Even allowing for being buffeted by the economic storms roiling the world at the time of writing, the three Benelux countries continue to enjoy an enviable standard of living, and a quality of life that makes good use of it. Their societies become more multicultural by the day, a development that's seen most clearly in the towns and cities -- these lands are among the most urbanized on earth. For the most part, this has only added to their contemporary vibrancy, but the process has not been without stress. Even Amsterdam's famed tolerance has shown signs of strain.
To make themselves even more livable than they already are, the big cities of Brussels, Amsterdam, Antwerp, Rotterdam, and the Hague have been building out their rapid transit systems, redeveloping decayed or decaying inner-city and harbor zones, and expanding their cultural offerings. All the while, more ethnic eateries and shops are springing up. Other cities such as Bruges, Ghent, Liège, Utrecht, Maastricht, and Luxembourg City (to name just a few!) are doing no less, and some of the essential pleasure of a visit to the Benelux is to get out of the big cities and find out what's up in these other places.
The Greek company Superfast Ferries decided that operating on the North Sea was a mite too chilly for them, and withdrew to their Adriatic and Aegean comfort zone (who can blame them?). Norfolkline plans to take over the ferry service from Rosyth (Edinburgh), Scotland to Zeebrugge, Belgium.
An improved Thalys high-speed train service, operating on a new high-speed rail line in Belgium and Holland, is expected to be operational some time in 2010, and will reduce the travel time between Brussels and Amsterdam by an hour.
One leg of Netherlands Railways old triad of domestic train services has been snapped off. The sneltrein, or fast train, which stopped only at decent-sized places on a particular line, has disappeared and an increased InterCity Express service has been introduced.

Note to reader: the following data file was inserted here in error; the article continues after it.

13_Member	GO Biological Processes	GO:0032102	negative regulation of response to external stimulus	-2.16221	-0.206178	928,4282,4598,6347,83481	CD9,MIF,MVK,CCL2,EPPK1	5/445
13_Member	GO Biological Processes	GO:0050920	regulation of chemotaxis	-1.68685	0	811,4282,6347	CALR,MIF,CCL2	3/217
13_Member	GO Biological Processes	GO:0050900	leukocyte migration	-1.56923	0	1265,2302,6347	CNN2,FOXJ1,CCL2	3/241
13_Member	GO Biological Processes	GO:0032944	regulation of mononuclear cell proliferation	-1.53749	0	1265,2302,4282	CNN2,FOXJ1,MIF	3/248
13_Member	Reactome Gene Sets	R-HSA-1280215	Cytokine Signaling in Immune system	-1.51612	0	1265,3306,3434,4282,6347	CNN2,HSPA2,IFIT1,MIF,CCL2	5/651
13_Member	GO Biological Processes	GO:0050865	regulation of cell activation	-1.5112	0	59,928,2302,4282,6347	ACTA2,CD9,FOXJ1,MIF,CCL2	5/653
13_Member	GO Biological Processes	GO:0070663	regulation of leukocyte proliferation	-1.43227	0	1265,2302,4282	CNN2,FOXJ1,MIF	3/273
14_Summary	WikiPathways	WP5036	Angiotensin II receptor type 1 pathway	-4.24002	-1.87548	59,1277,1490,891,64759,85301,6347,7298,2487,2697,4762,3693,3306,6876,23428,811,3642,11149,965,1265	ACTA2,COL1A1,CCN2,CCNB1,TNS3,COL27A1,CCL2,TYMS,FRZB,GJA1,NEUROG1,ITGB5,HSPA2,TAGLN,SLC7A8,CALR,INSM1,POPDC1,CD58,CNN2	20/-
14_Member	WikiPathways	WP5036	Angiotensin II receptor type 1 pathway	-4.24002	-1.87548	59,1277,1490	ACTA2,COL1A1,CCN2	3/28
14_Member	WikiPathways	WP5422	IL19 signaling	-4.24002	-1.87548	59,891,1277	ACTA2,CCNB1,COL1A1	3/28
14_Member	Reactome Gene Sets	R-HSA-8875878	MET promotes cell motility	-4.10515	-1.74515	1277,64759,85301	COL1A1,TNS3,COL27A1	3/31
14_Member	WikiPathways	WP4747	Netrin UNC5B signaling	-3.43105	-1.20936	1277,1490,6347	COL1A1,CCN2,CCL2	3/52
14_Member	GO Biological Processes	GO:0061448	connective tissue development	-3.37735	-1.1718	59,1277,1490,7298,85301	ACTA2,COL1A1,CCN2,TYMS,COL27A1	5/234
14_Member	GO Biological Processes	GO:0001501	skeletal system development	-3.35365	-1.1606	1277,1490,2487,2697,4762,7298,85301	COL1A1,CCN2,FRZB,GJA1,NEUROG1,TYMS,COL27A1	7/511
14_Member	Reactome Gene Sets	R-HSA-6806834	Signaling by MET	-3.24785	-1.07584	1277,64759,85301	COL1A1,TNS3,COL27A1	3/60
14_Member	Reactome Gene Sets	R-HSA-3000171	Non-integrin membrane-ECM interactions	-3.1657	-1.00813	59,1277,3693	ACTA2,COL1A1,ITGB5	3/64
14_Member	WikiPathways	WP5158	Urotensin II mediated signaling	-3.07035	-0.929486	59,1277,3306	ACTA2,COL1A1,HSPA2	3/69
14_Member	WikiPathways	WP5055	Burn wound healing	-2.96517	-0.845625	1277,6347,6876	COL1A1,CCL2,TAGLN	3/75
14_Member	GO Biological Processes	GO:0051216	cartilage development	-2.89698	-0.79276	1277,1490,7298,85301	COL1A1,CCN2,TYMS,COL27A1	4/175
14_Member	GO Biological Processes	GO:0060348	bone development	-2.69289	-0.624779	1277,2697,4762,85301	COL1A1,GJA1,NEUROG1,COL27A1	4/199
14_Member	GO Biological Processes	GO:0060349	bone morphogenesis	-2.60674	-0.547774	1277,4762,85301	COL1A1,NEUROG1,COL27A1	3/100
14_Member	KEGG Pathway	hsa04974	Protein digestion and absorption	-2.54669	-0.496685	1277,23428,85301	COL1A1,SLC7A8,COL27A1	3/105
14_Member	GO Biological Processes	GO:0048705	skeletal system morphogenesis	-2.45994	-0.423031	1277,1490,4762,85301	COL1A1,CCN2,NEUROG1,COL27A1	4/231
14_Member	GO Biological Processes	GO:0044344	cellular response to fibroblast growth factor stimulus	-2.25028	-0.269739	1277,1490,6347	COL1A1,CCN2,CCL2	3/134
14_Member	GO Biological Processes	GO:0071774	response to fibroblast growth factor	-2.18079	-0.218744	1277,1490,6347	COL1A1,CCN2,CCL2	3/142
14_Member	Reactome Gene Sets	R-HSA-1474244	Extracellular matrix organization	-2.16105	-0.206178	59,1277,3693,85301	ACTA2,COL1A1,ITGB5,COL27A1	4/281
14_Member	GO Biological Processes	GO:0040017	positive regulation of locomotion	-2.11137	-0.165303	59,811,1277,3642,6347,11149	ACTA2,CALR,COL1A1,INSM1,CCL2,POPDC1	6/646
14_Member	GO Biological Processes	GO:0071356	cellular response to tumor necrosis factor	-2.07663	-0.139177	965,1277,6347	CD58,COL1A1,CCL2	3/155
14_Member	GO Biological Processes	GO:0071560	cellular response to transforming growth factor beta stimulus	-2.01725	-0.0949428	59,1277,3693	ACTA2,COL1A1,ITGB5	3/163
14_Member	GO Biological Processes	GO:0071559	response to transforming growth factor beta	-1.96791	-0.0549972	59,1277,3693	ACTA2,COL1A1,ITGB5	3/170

From the start of 2009, all public transportation in the Netherlands has been using the new OV-chipkaart. This chip-enabled smart card is loaded with a preselected number of euros which are then reduced automatically by electronic readers as you ride.
Secondhand smoke no longer gets in your eyes and up your nose as much as formerly in Belgium, Holland, and Luxembourg, now that restrictions on smoking in restaurants, bars, cafes, clubs, and other places, and in public spaces in hotels have been introduced. In Holland, a typically Dutch compromise applies to drug-selling "smoking coffeeshops," where patrons are still permitted to puff joints, but not cigarettes, cigars, or pipes.
The city's tourist organization, Brussels International Tourism & Congress, has expanded its on-the-ground service for visitors. In addition to an office on the city's central square, the Grand-Place, there's one close to the royal palace on rue Royale, and desks at the airport and the main international rail station. There's even one dedicated to the denizens of the European Parliament and other Euro-institutions.
The contact point for the city's gay and lesbian community, with meeting rooms and a cafe, is La Maison Arc en Ciel (Rainbow House), rue du Marché-au-Charbon 42 (tel. 02/503-5990).
Despite having always been a busy place and occupying one of the most scenic locations in Bruges -- on the shore of the Minnewater (Lake of Love) -- the restaurant Kasteel Minnewater has closed. It seems unlikely that such a prime site will remain forever unexploited, so it might be worthwhile to stroll along the lake's east shore to see what, if anything, is cooking at the neo-Gothic château (1893).
The Museum voor Schone Kunsten (Fine Arts Museum; tel. 09/240-07-00; www.mskgent.be) has reopened following extensive renovations.
Two of the town's art museums have joined forces to create the new Kunstmuseum aan Zee, Romestraat 11 (tel. 059/50-81-18). And if Ostend doesn't sound like a citadel of art, it does have works by native son James Ensor and other more-or-less modern Flemish artists.
The Musée de la Vie Wallonne, Cour des Mineurs 1 (tel. 04/237-90-40), which is among francophone Belgium's finest museums, has reopened.
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